The Canadian Provost Corps Training Centre operated from November 1942 to May 1946, training a total of 1,897 all ranks. During World War II, most of the Canadian Army in England was stationed at Aldershot.
Canadian MPs wore red-topped caps and were armed with .38 revolvers carried in a holster on the left hip together with white pattern 1937 web belt, brace and brace attachment in the same manner as the British Corps of Military Police (CMP).
The corps saw action for the first time on 18 August 1942 in the Dieppe Raid. Of the 41 members who took part, 22 returned to England, one was killed, eighteen were taken prisoner (seven of them being wounded). During 1943, 1 Provost Company became involved in operations in Sicily (Pachino, Valguarnera, Assoro, Agira, Adrano and Regalbuto) and after the crossing into Italy on 3 September 1943, the company continued its support of the I Canadian Corps as part of the Eighth Army as Allied forces crept northwards from the toe of Italy. Places where 1 Provost Company saw action included: Campobasso, Torella, Motta Montecorvino, San Leonardo, The Gully, and Ortona in 1943; San Nicola, San Tommaso, Cassino II, the Gustav Line, the Liri Valley, the Hitler Line, and Got Lamone Crossing in 1944; and Misano Ridge, Rimini Line, San Martino, San Lorenzo, and Fosso Vecchio in 1945. In the Cassino area of Italy, the Canadian Provost assisted the British CMP on "Highway 6", where 11,000 vehicles were handled every day. The Canadians were part of twenty-four provost and traffic control companies and two Special Investigation Branch sections that were attached to the Eighth Army.
Shortly after the Normandy landings in June 1944, the 2nd Canadian Line of Communications (LoC) Provost HQ and six sections were deployed in Northern France on traffic control duties. 1 Provost Company also saw action at Apeldoorn in the Netherlands.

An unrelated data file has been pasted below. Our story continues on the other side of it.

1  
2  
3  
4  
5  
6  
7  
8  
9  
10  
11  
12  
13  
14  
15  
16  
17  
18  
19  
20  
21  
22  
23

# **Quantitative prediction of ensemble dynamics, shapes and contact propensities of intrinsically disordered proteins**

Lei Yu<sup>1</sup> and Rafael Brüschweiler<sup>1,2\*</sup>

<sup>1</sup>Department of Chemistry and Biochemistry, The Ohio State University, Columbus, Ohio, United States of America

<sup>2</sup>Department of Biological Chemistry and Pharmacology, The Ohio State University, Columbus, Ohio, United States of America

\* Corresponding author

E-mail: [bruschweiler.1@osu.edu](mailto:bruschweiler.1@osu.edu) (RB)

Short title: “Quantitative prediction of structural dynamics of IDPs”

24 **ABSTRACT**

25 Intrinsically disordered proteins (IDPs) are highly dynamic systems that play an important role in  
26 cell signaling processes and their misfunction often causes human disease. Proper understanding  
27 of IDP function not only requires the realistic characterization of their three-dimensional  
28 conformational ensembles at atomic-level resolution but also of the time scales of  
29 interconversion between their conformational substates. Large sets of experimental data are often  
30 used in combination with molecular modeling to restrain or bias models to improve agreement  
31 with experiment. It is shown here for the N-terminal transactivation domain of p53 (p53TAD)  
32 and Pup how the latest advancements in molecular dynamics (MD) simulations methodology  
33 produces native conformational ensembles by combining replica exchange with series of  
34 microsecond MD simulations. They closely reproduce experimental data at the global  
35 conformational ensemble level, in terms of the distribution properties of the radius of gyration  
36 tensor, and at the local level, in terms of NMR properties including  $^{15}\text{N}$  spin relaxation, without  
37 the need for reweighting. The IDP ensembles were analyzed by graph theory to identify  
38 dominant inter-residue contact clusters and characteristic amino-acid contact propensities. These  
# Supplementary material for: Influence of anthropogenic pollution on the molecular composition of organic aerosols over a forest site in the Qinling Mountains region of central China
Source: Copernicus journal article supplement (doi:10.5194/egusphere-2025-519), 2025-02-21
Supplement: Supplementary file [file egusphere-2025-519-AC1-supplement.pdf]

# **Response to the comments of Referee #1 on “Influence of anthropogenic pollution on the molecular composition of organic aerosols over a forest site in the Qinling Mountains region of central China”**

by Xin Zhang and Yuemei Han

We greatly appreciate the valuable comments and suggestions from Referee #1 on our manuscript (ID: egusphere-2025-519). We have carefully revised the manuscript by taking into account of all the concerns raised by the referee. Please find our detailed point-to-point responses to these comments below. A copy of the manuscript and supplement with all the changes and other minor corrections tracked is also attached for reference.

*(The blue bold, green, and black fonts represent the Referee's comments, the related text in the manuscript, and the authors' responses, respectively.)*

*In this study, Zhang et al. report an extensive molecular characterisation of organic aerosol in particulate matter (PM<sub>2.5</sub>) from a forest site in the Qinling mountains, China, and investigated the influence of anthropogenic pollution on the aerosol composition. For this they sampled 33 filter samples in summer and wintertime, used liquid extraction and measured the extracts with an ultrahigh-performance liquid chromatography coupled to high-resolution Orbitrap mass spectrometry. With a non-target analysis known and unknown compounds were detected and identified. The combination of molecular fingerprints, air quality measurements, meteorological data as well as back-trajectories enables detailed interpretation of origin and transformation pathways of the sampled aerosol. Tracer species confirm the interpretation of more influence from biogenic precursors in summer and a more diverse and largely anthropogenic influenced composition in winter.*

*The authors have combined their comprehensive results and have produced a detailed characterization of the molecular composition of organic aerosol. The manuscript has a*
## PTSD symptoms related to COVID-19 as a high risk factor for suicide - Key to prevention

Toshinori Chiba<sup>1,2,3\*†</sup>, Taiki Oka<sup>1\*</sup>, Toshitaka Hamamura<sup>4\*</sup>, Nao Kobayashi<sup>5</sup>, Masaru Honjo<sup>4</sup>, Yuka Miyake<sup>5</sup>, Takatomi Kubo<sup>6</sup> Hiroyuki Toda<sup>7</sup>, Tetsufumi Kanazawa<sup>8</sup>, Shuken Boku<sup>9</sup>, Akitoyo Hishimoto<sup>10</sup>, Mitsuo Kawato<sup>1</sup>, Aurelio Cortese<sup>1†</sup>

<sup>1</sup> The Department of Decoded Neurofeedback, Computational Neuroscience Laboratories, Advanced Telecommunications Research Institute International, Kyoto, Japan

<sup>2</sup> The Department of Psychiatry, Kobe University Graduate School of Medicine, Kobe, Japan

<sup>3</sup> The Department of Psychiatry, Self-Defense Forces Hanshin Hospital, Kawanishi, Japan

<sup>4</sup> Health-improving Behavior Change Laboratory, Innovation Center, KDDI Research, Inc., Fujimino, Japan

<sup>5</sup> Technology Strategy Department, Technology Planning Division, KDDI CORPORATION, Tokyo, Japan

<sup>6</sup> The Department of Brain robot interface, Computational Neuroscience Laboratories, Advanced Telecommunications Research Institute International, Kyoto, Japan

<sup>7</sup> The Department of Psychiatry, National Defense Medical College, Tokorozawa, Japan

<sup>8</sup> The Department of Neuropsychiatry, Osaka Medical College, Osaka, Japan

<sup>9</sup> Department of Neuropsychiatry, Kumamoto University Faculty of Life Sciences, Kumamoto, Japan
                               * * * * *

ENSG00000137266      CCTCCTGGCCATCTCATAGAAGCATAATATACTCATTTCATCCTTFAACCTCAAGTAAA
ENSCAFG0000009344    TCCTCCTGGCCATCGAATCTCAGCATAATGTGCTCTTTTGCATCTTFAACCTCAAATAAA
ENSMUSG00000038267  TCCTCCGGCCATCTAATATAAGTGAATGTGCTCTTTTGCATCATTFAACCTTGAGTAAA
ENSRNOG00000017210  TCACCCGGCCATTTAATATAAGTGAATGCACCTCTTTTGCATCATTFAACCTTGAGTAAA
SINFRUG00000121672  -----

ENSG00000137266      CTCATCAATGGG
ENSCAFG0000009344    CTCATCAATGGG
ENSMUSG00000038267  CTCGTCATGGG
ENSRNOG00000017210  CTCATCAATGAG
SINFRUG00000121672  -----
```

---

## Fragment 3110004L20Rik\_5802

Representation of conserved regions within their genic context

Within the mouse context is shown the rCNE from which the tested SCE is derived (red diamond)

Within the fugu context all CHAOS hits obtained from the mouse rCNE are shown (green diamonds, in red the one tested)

On 18 October 1945, 1 Provost Company was de-activated when it was repatriated to Canada. By September 1945, the C Pro C numbered 6,120 men.
The Canadian Provost Corps School was formed at Camp Borden in the late 1940s, and by 1948 there were at least ten Provost Companies, including five Militia Provost Companies, in the Canadian Army.
25 Provost Detachment headed to Korea in 1950, where it formed part of 1 Commonwealth Division Provost Company ("1 COMWEL Div Pro Coy"). It was stated in the Standing Orders of this unit that it was the only integrated unit of its kind in the Allied Forces. In 1955, the Provost Detachment was disbanded after a total of 264 Canadian MPs had served in Korea.
From 23 November 1951, the 27th Brigade Provost Detachment was located in Hanover, West Germany with NATO. In November 1958, the 4 Canadian Infantry Brigade Group rotated into Germany and the Provost Platoon in Germany was renamed No.4 Provost Platoon.
During 1968, the platoon was renamed 4 Military Police Platoon and was located at Canadian Forces Base Lahr until the pull out of 4 Canadian Mechanised Battle Group (CMBG) in 1992.
In March 1964, the United Nations authorized a force to serve on the island of Cyprus. Members of the Military Police served on Cyprus from that time until Canada pulled out in 1992.
On 1 February 1968, the Provost Corps ceased to exist, when all branches of the Canadian military were unified into the Canadian Forces and security became the responsibility of the Canadian Armed Forces Security and Intelligence Branch.
The Canadian Military Police Heritage Hall at Canadian Forces Base Borden is a museum dedicated to the memory of the Canadian Provost Corps, Royal Canadian Air Force Service Police and Royal Canadian Navy Naval Shore Patrol Veterans in the Canadian Forces.
As always, the above artworks are available via my “Military Insignia” galleries from FineArt America and RedBubble. You can just follow the links in the article to get to the corresponding galleries.
To active duty or reserve military personnel, veterans and their family members: I grant an explicit permission to download the above images to be used for non-profit/non-commercial and charitable causes, benefiting troops and their families, as well as for non-commercial internal duty-specific purposes, such as unit website design, training materials and presentations.
The above information provided in part by Wikipedia, The Institute of Heraldry, Global Security, and the official websites of the corresponding units and formations.